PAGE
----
New York Magazine’s Jonathan Chait doubles down on Hillary Clinton’s assertion that “half” of Donald Trump’s supporters are an “irredeemable” “basket of deplorables” who are, in her words, “racist, sexist, homophobic, xenophobic, Islamophobic.” Chait, however, writes that Clinton’s allegation describes “most,” not just “half,” of Trump’s supporters.
Following the classic definition of a gaffe as a politician telling the truth, Hillary Clinton’s comment about Donald Trump’s supporters (“just to be grossly generalistic, you could put half of Trump’s supporters into what I call the ‘basket of deplorables.’ Right? The racist, sexist, homophobic, xenophobic, Islamophobic — you name it”) was the purest and most classic example. The national media has spent a year and a quarter documenting in exquisite, redundant detail the rabid, anti-intellectual nationalistic bigotry of Trump’s hard-core fanbase. But it has taken Hillary Clinton’s affirmation to transform this by-now-banal observation into a scandal.
To the extent that Clinton’s comment had any novel quality, it was her loose calculation that the bigoted make up half of Trump’s support. Clinton has dutifully apologized (“I regret saying half”). And, depending on how one calculates it, this could be high. Committed white nationalists comprise a small minority of the Trump vote. On the other hand, it could also be low.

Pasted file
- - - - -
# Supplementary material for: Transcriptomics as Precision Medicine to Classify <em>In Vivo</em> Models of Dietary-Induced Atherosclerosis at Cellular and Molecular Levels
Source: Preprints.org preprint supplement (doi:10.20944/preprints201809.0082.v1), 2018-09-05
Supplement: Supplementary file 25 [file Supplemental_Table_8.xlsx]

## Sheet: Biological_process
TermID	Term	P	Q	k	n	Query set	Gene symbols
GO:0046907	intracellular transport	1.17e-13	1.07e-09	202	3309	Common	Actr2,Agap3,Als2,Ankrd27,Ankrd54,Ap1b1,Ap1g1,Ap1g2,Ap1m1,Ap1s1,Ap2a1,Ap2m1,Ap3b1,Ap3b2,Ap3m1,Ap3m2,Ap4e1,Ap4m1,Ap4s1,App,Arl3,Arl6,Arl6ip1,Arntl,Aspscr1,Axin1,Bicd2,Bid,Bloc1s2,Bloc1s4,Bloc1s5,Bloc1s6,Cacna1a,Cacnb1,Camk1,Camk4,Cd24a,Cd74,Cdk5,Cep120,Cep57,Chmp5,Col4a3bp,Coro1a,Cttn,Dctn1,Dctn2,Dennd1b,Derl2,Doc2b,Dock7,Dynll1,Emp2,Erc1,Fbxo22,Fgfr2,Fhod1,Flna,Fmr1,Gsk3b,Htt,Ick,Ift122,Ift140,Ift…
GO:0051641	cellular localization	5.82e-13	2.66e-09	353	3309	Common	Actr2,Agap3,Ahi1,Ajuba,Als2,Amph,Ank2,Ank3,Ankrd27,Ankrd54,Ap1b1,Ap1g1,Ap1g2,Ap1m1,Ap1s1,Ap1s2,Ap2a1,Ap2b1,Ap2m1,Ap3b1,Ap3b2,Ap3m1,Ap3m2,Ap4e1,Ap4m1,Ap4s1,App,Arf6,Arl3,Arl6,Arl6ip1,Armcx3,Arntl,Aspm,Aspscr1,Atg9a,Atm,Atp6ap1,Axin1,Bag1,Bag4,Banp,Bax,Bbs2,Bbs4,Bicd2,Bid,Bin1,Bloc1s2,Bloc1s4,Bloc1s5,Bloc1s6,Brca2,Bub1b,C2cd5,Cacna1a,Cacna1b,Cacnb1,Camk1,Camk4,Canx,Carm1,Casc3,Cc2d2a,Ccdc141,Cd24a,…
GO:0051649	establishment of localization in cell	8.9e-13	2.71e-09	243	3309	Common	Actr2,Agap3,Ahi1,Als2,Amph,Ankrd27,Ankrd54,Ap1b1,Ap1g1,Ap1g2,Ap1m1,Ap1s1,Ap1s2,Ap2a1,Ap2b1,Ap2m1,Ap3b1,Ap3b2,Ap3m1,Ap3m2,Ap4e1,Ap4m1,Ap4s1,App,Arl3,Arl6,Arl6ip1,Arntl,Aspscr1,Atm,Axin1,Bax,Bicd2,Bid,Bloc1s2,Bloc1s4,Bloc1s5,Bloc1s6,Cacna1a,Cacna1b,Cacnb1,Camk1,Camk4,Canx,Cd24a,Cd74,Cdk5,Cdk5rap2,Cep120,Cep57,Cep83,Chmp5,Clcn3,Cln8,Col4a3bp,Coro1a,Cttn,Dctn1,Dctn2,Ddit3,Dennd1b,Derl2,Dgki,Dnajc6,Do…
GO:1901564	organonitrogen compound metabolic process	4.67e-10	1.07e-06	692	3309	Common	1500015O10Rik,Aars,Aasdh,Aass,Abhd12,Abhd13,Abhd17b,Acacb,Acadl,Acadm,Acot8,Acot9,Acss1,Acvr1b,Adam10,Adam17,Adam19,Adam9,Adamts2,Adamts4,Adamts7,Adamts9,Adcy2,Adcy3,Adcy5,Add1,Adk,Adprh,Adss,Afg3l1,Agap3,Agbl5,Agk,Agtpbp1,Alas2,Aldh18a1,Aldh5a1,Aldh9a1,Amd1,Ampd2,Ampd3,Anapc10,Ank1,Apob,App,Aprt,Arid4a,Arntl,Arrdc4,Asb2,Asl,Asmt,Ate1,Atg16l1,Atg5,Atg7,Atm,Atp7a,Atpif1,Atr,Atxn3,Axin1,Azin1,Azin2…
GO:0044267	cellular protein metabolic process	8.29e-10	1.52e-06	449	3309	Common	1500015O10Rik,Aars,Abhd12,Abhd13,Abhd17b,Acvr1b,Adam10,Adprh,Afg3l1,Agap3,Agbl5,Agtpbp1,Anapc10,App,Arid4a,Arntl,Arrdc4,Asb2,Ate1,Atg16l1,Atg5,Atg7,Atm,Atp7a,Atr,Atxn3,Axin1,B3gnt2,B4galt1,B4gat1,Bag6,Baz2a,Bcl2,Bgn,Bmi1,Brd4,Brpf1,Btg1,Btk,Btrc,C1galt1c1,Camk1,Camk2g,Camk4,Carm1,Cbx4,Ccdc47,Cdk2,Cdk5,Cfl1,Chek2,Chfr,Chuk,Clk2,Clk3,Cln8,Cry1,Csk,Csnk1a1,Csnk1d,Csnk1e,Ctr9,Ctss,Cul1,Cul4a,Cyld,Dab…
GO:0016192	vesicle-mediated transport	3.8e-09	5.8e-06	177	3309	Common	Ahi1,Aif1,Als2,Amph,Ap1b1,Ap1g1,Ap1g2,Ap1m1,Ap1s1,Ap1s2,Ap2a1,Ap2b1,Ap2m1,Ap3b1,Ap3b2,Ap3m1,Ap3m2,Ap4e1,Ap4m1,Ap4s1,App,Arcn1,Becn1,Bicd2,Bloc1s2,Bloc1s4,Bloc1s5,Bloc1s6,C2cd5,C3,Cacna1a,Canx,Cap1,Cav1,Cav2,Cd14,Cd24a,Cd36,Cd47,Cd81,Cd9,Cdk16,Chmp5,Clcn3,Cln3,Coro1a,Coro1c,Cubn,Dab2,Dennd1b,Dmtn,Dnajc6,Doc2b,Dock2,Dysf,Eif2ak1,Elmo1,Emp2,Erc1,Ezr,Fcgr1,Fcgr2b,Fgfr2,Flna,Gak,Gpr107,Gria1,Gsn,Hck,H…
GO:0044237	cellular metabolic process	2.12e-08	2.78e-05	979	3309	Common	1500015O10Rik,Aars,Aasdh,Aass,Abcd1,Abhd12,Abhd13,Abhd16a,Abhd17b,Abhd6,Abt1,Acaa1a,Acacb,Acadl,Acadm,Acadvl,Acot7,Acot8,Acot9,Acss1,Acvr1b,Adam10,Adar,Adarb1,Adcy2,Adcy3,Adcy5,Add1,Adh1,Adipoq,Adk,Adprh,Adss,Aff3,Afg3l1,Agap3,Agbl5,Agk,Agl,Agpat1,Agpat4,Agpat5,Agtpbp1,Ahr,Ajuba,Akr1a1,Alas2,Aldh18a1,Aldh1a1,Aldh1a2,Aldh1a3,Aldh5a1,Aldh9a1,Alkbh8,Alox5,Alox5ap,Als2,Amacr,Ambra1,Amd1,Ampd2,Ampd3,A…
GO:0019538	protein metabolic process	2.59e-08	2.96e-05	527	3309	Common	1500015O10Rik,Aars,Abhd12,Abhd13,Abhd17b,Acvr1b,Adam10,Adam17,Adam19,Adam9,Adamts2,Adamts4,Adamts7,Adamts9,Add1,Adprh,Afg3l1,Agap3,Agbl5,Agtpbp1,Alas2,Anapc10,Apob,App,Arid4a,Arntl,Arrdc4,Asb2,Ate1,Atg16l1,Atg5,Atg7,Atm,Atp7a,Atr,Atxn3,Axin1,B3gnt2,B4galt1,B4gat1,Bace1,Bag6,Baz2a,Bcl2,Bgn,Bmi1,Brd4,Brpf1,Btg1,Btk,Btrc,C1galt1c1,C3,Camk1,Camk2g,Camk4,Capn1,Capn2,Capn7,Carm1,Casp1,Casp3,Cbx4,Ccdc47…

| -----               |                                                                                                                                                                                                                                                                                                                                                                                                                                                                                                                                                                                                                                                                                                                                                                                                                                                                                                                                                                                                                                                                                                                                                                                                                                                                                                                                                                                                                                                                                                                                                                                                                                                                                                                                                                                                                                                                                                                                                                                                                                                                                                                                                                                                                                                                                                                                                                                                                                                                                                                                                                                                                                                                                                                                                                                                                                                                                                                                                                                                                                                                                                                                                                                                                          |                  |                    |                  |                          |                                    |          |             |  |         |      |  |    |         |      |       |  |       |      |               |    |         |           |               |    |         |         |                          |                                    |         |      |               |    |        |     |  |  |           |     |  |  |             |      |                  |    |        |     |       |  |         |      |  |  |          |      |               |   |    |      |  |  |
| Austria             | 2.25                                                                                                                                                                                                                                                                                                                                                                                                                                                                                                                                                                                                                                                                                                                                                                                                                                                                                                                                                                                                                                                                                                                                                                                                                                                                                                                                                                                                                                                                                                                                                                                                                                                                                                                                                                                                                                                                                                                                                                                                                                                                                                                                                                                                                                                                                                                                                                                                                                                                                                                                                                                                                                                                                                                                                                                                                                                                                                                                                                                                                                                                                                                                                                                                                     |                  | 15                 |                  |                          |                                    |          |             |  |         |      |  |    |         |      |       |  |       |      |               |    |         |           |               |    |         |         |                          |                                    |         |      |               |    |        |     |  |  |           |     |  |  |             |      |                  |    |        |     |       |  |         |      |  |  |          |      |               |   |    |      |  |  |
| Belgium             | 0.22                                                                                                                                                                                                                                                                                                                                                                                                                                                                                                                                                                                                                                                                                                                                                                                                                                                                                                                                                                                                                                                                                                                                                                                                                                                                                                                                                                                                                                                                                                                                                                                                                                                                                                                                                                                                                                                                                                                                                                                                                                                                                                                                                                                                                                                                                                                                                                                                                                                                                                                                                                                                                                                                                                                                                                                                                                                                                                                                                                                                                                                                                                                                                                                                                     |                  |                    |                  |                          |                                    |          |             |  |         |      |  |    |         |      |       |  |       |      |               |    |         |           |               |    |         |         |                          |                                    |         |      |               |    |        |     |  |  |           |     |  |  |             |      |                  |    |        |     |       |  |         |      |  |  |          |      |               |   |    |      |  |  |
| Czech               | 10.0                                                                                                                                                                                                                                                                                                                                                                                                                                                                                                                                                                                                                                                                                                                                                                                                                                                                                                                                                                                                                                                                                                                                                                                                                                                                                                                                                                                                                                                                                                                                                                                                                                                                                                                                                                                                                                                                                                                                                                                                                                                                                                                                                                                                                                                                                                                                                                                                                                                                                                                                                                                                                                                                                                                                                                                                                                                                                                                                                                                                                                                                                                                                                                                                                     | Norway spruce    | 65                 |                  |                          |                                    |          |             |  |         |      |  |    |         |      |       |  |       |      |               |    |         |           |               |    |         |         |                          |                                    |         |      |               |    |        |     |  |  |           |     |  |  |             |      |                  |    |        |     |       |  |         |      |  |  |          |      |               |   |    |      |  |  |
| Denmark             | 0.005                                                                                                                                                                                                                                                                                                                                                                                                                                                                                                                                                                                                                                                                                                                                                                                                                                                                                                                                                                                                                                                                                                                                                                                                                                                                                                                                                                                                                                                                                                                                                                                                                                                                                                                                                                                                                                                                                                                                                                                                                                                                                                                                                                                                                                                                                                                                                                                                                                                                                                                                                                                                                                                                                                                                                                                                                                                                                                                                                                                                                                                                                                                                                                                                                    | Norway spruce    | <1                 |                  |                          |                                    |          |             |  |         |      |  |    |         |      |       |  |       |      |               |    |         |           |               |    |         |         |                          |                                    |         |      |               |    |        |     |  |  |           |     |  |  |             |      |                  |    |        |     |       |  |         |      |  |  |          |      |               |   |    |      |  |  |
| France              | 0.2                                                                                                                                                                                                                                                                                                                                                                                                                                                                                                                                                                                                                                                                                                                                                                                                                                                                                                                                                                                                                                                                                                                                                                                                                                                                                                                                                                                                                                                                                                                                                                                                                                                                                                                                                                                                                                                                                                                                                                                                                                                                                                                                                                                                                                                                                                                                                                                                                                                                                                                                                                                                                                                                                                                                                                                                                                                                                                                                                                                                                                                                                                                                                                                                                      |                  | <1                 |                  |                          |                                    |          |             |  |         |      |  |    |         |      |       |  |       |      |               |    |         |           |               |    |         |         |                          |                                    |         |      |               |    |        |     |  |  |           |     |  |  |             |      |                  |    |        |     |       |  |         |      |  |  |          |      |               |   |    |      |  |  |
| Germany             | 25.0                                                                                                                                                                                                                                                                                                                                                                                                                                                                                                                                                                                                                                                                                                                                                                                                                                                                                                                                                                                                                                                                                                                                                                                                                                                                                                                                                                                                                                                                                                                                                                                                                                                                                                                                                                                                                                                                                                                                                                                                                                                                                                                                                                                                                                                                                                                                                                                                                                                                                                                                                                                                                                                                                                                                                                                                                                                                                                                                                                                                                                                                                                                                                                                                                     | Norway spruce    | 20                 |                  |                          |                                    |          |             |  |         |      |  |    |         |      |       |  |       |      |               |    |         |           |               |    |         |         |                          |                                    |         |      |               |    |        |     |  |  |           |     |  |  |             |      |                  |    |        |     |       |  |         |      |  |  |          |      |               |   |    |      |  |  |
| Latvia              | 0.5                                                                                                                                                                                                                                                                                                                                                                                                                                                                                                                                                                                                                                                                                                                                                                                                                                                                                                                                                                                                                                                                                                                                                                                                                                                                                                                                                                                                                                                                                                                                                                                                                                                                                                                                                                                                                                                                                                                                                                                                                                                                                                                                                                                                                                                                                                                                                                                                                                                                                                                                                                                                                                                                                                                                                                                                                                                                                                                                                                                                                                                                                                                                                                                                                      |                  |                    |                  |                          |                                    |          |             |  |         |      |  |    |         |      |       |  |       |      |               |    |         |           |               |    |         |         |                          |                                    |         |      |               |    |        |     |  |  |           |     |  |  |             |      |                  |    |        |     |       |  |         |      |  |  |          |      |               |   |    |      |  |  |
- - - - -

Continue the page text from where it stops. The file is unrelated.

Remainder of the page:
The overwhelming majority of Trump aficionados support his proposed ban on Muslim immigrants — a policy many Republican elected officials opposed as an unconstitutional religious test — while two-thirds of them register unfavorable views of American Muslims. A plurality of Republicans supported Trump’s claim that a Mexican-American judge was inherently biased and therefore unfit to preside over his fraud trial. (In the same poll, a huge majority of Republicans deemed Trump’s comments not racist, despite Paul Ryan’s admission that it constituted a textbook example of racism.) Two-thirds of voters who like Trump consider President Obama a Muslim, and three-fifths of them believe he was not born in the United States.
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